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14th Amendment Ratification Celebration

The Fourteenth Amendment to the United States Constitution was passed by the Senate on June 8, 1866, and ratified two years later, on July 9, 1868. The Fourteenth Amendment granted citizenship to all persons born or naturalized in the United States—including formerly enslaved people—and guaranteed all citizens “equal protection of the laws.”  

The Fourteenth Amendment was highly influential in the outcome of major Supreme Court decisions as well as civil rights laws.

Constitution Day commemorates the creation and signing of the U.S. Constitution. How does it apply to immigrants? In this edition of her Academically Speaking podcast, Vice Provost and Dean Theodorea Regina Berry discusses the Fourteenth Amendment, birthright citizenship, and the path to becoming a naturalized U.S. citizen with Michael Mendez, a partner at the law firm of Colombo & Hurd, PL.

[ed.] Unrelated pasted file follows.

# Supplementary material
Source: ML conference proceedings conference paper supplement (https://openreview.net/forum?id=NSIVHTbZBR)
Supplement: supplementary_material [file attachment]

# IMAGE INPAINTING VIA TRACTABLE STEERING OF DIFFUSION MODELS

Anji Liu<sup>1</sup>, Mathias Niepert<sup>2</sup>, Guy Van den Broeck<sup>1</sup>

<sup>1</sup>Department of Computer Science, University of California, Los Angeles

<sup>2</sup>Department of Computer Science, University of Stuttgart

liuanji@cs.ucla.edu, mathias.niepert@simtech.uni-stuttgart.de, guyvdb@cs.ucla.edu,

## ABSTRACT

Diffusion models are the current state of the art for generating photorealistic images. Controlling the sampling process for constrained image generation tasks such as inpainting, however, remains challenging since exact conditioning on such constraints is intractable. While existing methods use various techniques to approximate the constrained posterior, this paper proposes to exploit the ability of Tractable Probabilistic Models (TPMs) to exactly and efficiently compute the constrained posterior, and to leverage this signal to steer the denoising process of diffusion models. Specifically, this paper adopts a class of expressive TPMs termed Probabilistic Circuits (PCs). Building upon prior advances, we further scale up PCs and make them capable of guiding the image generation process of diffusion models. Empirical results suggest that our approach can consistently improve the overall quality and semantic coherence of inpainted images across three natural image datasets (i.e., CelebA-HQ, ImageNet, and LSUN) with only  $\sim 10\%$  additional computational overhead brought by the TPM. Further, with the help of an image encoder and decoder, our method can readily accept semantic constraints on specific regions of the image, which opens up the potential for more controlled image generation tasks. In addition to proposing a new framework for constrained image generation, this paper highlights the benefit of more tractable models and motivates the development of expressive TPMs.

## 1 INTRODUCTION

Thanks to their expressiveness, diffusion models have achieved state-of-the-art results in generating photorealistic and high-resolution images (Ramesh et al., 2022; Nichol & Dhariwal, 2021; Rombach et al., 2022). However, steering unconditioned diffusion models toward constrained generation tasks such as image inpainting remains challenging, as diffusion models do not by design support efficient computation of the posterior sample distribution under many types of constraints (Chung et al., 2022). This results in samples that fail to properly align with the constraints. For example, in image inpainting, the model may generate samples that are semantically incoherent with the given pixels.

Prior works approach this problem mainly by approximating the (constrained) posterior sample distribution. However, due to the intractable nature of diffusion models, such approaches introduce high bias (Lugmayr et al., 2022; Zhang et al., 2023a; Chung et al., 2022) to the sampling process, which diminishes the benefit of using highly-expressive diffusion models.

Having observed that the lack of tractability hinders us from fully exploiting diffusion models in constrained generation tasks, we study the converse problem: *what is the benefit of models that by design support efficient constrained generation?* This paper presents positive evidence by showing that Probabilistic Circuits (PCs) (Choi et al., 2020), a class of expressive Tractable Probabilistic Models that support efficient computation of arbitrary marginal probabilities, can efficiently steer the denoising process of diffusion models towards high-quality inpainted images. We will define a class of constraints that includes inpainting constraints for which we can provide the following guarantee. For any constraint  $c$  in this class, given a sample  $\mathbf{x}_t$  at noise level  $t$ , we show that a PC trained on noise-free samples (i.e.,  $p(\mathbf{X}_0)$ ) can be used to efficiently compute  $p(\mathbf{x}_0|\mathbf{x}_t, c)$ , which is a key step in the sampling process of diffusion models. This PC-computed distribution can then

Eric Foner, Professor of History at Columbia University, discusses the creation and contents of the Fourteenth Amendment.

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Presented by:

Constitution Day
Takes Place on
September 17, 2021

A Look Back

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Want to learn more about the Constitution? At the website of the National Archives, you can view scans of the original documents and read a transcript.


Whether you want to update your information, check your status or register to vote, the Florida Division of Elections can help.